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1 in 1 Million Reach Jhana?

I have been speaking to some of my students about the difficulty in reaching Jhana – the Visuddhimagga Jhanas – and I’ve been trying to figure out different ways to help people enter Jhana. Trying to figure out different ways to teach entering the Jhanas, using different words that might resonate with people better than other words.

In my 20 years in Thailand I’ve not met more than a handful of monks who have ever attained Jhana. Monks in Thailand are not typically into meditation, to be honest, and that’s probably at least somewhat surprising to you. It was to me when I arrived.

I’ve seen maybe 10 monks meditating at temples in these 20 years. I mean, off by themselves. Not in group chanting or group meditation like at Wat Pah Nanachat or Wat Nong Pa Pong.

Leigh Brasington has something on his website about how difficult it is to reach the Visuddhimagga Jhanas. I’ll screenshot it below. Full credit to him. Apparently the quote comes from the Visuddhimaggas.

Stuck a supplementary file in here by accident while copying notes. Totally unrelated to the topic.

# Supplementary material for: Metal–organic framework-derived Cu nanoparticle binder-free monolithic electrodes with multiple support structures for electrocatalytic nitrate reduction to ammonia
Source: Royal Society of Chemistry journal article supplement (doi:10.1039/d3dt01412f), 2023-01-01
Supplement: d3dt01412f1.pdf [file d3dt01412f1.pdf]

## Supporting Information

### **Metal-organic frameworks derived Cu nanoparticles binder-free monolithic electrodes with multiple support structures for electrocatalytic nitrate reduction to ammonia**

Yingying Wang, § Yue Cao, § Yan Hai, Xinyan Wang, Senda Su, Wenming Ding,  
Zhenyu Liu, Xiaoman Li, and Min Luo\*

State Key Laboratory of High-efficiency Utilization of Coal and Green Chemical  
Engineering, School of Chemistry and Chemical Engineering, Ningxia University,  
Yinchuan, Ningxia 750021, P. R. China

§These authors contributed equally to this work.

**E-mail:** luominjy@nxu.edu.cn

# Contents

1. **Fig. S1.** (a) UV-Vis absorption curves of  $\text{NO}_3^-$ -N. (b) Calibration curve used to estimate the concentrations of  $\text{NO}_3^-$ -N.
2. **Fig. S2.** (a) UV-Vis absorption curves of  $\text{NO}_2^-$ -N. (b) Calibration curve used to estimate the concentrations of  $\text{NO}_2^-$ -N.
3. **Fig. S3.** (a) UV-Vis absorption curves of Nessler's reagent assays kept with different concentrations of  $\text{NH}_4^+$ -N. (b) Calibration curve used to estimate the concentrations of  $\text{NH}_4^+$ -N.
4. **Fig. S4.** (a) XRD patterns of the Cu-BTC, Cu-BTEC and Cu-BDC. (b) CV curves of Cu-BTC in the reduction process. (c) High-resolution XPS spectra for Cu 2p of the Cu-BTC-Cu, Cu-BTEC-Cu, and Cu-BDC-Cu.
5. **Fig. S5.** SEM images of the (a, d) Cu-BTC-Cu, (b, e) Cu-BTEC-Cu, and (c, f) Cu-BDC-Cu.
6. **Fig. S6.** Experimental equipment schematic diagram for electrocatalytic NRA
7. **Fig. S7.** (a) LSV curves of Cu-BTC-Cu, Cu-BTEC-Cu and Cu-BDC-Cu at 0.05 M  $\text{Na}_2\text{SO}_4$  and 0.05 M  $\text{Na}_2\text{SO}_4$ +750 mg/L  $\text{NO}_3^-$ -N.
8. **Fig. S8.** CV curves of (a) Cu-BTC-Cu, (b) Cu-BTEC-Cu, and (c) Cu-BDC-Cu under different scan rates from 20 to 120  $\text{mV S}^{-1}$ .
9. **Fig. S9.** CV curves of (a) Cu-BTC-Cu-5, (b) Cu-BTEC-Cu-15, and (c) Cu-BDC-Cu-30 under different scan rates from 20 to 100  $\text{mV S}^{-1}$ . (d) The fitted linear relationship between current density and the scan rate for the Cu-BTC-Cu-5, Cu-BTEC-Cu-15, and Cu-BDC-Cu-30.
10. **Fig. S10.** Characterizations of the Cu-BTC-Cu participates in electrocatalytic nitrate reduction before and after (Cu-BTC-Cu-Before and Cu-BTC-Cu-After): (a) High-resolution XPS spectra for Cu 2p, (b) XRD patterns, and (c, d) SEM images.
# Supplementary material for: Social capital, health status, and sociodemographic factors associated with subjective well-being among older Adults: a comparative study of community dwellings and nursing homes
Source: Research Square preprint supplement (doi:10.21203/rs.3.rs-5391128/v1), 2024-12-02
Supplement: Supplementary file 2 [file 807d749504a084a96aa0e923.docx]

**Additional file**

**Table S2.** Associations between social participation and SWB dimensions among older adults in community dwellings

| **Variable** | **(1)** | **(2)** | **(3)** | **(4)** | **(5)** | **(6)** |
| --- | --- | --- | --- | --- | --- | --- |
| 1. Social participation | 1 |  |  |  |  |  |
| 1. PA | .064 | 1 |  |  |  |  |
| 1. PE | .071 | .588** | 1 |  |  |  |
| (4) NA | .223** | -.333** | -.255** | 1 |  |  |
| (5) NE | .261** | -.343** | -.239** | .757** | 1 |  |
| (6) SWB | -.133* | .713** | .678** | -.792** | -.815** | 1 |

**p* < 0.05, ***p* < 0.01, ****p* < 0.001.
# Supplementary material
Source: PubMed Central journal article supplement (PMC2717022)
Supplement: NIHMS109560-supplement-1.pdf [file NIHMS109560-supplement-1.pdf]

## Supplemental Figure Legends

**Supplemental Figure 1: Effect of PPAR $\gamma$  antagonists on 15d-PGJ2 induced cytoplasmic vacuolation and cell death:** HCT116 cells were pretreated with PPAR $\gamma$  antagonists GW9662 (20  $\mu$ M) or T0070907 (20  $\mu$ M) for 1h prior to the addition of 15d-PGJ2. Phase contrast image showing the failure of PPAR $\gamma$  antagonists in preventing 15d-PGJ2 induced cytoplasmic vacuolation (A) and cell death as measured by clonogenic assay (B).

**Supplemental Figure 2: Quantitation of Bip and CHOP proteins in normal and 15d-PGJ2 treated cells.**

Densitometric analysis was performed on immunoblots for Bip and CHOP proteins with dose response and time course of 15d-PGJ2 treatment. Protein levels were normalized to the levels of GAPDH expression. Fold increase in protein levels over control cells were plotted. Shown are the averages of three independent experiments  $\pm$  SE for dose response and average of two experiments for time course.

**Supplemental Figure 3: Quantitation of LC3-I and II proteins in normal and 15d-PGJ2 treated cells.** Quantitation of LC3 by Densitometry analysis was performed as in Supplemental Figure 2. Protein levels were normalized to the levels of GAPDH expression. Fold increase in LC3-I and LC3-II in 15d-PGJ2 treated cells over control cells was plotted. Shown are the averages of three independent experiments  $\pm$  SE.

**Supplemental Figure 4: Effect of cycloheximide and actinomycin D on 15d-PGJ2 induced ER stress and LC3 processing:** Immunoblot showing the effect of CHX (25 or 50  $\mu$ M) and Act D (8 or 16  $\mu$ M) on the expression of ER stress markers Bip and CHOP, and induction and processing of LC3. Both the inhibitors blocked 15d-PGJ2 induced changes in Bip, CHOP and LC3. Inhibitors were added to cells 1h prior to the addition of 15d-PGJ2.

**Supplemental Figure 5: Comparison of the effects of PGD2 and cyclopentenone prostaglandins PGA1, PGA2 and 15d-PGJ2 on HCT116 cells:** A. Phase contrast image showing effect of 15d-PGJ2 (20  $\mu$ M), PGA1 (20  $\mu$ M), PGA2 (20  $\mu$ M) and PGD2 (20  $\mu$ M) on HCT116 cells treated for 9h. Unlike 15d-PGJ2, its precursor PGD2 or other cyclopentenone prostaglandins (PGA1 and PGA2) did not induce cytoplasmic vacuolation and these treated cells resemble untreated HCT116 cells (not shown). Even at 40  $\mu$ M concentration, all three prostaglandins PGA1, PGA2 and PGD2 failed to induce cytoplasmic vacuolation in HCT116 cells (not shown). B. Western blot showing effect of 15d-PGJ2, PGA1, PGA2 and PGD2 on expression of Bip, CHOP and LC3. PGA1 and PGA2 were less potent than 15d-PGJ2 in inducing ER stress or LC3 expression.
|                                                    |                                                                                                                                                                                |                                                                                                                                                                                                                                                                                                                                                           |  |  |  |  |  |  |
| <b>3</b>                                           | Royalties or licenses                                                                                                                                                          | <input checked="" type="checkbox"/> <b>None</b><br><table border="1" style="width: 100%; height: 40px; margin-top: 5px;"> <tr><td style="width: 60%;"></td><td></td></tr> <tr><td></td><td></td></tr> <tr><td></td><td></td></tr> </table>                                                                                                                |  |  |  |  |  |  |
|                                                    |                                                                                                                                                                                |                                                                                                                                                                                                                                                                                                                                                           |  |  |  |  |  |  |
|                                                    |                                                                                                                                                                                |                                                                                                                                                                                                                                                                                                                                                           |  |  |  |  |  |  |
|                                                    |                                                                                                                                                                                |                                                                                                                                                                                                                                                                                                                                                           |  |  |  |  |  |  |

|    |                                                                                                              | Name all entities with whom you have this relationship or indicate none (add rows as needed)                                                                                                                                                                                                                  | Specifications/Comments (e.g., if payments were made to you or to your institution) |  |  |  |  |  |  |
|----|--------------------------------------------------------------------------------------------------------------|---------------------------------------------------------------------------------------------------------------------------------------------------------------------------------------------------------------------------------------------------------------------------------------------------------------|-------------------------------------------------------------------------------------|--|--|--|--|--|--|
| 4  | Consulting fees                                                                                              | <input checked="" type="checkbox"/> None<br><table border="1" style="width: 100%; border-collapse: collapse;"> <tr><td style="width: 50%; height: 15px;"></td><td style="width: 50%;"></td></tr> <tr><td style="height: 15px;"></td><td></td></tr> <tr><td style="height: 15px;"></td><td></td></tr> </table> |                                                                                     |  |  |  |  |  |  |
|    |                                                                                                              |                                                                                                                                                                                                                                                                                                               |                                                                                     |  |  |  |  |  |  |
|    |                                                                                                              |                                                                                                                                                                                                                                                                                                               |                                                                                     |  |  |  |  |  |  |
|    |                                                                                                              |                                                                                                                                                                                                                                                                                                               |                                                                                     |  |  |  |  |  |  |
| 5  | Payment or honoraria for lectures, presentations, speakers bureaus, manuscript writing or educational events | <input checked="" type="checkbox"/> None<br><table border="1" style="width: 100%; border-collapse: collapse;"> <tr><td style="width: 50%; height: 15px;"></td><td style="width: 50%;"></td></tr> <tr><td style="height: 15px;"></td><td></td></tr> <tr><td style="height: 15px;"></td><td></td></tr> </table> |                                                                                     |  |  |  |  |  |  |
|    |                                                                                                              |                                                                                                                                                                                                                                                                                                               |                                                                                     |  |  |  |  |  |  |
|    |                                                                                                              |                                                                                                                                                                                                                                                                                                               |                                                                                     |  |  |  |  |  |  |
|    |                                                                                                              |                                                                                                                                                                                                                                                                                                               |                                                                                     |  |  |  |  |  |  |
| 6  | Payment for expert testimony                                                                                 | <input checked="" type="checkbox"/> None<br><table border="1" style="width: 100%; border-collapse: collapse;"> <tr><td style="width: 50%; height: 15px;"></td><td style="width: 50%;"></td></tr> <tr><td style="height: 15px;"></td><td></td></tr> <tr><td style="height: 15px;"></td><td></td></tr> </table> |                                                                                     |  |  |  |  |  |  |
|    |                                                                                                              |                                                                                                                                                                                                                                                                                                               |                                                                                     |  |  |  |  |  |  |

Screenshot of Leigh Brasington's quote on Jhana attainment from the Vissuddhimaggas.
Screenshot of Leigh Brasington’s quote on Jhana attainment from the Vissuddhimaggas.

It’s interesting in a couple of different ways.

  1. I’ve been wondering what the problem is when I teach Jhana entry to my students. Very few get it. It does take some time, and I understand that, but with a very well-defined path, I’d have thought it would have been quite a bit easier than people are finding it. I do know my perseverance in reaching complete concentration on the breath was in large part responsible for my reaching Jhana in under a year, but I also know some dedicated students that should get there soon.
  2. The quote above talks about entering Jhana. The 1st Jhana. How difficult is it to reach Jhana 2? 3? 4? How difficult to reach the Arupa Jhanas – the formless Jhanas?

I’ve talked to many knowledgable monks here in Thailand about Jhana.

I’ve read many books and social media and other posts and seen videos by many monks talking about Jhana.